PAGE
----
CQRS: Sagas with Event Sourcing (Part I of II)
For starters, what is a saga? A saga is a “long-lived business transaction or process”. Okay, so what does that mean? Well, first of all, the “long-lived” part doesn’t have to mean hours, days, or even weeks—it could literally mean something as short as a few seconds. The amount of time is not the important part. It’s the fact that the “transaction”, business process, or activity spans more than one message. Udi has written several times on sagas. His articles are always worth reading. The foundational theory behind sagas is to avoid the use of blocking (and locking) transactions across lots of resources. Locks are one of the primary enemies of scalability.
Late last week I was communicating with Rinat Abdullin on the CQRS Google Group about sagas and explaining how they might be implemented using event sourcing. I have spoken of this to others in the past as well. In the aforementioned thread, I didn’t go into much detail about the “how”. Hence this post.
Perhaps we should explain why a saga is even necessary when we have aggregates and domain objects that manage state. Aggregates are great business objects that wrap a lot of business complexity. The problem with aggregates is that they only care about their little part of the universe. Sagas, on the other hand, are coordinating objects. They listen for what’s happening and they tell other objects to take appropriate action. Picture them as choreographers—let’s try and avoid the words orchestra and orchestration altogether. In essence, sagas listen for events and instruct other parts of the system to perform tasks based upon the events. This is juxtaposed to aggregates which are told to do something and then alert the world that they performed some action. This could be generalized into the following: Sagas listen to events and dispatch commands while aggregates receive commands and publish events.
Sagas manage process. They contain business behavior, but only in the form of process. This is a critical point. Sagas, in their purest form, don’t contain business logic. During Greg Young’s workshop, he hammered this one pretty hard. Most programmers think “logic” and aren’t used to thinking “process”. Let me put it this way. If you have a saga with “if else” statements, you’ve got logic. Process is best implemented using a state machine. The state machine we use to manage process within each saga is called Stateless by Nicholas Blumhardt, the creator of Autofac.
In a message-oriented world, there are two fundamental problems—ordering and duplicates. These are related to message infrastructure and its corresponding guarantees. Sagas are able to act as a kind of firewall to the outside. They encapsulate the mess and help shield the domain from much of the nasty details of reality.
With message ordering, let’s consider how a typical shipping or fulfillment department might utilize sagas to help carry out their responsibilities. Let’s imagine that fulfillment is not to ship the goods until payment has been received. As messages can arrive in any order, what would happen if “PaymentRecieved” was the first message to arrive? In that situation, fulfillment wouldn’t even have a clue what to ship because they haven’t even been made aware of a corresponding order. With sagas we can easily outline the various state transitions and then dispatch commands only when the appropriate conditions are met—such as the receipt of both the OrderReceived and PaymentReceived events, regardless of the sequence in which they arrive.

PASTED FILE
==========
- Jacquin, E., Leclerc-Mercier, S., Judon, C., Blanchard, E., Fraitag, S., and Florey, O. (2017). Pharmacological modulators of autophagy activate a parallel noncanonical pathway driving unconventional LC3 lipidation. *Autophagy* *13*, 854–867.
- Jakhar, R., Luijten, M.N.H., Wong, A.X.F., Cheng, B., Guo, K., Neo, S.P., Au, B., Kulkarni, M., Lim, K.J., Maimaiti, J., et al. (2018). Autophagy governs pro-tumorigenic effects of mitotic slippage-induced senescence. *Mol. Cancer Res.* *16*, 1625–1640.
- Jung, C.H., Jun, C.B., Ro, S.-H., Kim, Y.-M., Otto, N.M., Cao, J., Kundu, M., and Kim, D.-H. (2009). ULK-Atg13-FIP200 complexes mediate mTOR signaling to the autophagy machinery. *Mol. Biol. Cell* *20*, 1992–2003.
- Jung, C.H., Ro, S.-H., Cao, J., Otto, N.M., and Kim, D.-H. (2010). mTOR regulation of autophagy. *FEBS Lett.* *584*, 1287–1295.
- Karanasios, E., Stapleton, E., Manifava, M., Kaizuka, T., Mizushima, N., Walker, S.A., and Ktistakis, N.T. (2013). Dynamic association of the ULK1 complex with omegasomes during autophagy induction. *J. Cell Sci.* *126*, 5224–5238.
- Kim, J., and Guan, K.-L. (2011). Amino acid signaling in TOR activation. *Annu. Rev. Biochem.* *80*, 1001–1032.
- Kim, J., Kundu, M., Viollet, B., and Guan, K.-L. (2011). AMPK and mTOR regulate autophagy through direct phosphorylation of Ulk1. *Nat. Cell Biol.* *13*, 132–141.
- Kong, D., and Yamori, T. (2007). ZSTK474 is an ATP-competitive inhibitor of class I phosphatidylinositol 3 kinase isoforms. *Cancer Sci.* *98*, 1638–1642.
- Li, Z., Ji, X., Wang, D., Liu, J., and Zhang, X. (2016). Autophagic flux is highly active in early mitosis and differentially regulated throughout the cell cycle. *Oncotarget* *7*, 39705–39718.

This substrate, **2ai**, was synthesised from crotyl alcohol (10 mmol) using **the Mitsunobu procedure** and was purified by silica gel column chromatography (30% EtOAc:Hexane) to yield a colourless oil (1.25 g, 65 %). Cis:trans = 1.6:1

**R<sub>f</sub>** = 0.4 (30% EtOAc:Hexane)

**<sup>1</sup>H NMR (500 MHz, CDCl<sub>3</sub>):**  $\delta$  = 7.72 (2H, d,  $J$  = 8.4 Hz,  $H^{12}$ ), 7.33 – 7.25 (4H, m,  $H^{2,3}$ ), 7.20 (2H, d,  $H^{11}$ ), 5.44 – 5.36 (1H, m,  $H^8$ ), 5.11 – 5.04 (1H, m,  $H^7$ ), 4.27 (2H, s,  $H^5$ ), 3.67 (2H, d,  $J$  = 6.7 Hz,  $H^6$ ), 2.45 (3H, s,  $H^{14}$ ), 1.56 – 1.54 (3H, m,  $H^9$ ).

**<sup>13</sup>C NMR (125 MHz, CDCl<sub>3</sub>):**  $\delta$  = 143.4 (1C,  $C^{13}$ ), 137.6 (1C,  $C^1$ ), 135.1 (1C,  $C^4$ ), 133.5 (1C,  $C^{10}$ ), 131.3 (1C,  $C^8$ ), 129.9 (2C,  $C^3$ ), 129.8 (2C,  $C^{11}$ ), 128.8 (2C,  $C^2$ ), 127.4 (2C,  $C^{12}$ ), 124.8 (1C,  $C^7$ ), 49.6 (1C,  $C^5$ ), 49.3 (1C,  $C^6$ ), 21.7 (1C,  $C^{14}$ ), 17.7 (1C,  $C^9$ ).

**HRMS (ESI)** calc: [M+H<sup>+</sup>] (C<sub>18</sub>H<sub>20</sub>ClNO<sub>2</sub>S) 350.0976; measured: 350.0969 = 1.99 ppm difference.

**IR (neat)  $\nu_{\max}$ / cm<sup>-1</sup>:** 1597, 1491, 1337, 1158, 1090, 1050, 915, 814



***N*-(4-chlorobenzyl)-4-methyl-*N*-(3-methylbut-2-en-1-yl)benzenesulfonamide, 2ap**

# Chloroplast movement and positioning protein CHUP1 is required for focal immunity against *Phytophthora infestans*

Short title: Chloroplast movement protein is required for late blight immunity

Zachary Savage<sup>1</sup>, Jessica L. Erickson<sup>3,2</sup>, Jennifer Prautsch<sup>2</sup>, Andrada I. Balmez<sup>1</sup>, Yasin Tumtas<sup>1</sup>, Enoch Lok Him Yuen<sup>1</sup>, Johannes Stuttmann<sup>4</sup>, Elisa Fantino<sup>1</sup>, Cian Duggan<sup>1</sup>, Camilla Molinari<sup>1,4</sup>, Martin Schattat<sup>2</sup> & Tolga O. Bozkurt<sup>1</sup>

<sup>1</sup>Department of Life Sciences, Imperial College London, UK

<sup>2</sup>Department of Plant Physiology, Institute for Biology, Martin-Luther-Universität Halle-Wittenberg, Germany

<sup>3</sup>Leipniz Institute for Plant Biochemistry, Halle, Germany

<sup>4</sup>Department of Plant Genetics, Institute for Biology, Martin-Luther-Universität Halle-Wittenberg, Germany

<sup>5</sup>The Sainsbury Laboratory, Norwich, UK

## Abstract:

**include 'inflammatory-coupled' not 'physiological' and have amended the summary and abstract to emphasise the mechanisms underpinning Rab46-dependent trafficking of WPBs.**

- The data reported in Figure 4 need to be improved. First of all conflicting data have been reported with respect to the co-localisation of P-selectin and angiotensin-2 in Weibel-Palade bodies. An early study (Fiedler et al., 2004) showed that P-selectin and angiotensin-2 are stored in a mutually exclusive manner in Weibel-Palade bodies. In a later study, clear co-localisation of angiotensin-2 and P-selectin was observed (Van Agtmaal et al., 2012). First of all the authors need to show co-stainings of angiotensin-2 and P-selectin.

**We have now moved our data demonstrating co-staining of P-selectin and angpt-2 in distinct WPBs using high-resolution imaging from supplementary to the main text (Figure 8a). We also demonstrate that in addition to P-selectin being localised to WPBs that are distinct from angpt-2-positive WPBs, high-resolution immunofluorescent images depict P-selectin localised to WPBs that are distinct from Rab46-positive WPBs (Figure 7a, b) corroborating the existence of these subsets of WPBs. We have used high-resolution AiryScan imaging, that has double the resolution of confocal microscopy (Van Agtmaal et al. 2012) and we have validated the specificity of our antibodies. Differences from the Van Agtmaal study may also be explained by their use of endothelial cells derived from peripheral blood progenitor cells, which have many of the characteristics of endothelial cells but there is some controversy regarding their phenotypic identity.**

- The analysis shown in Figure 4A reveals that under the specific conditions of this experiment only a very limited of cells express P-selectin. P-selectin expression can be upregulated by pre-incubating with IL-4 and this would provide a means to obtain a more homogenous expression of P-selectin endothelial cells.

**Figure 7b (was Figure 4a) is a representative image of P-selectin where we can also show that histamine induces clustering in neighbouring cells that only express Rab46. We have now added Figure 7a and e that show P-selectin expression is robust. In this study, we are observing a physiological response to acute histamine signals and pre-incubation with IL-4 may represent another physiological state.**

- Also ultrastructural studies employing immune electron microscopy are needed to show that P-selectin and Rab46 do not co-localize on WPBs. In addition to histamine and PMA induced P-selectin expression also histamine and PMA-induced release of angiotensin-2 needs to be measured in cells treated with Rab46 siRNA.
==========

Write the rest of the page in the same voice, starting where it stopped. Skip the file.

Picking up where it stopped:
Looking at duplicates and idempotency with a state machine-based saga, it’s not hard to see that regardless of the number of times a message is received, it will only cause a state transition once. Think about it like a DVD player. You hit stop and then stop again. Not matter how many times you press stop, the state transition only occurs once. So it is with sagas. A message can be received multiple times but will only cause the desired state transition once. This makes duplicate messages naturally idempotent. Sweet.
The other really great thing about sagas is that they understand the concept of time. For example, let’s suppose we wanted to notify first-time customers of a discount if they didn’t complete checkout within 48 hours. The saga could implement a timeout by scheduling a timeout message to be sent back to the saga after 48 hours. When the timeout message was received 48 hours later, the saga would attempt to perform the state transition related to the timeout. If the customer did something in the last 48 hours, the timeout message wouldn’t cause a state transition. But if the person had not yet completed checkout, the saga could dispatch a message to the appropriate component to take corresponding action. This component would decide the “who” and the “how”. All the saga did was to tell the component: “There hasn’t been any activity, notify the customer.” The component would then decide whether or not to notify based upon business logic, e.g. is this a first-time customer, etc.
To Be Continued…
Now that we’ve explained why sagas are important and how state machines can help us implement a saga which deals with the complexity of duplicate messages, out-of-order messages, and timeout messages, in Part II of this article, we’ll look at some of the details of how to use event sourcing to create testable, robust, yet fluid sagas.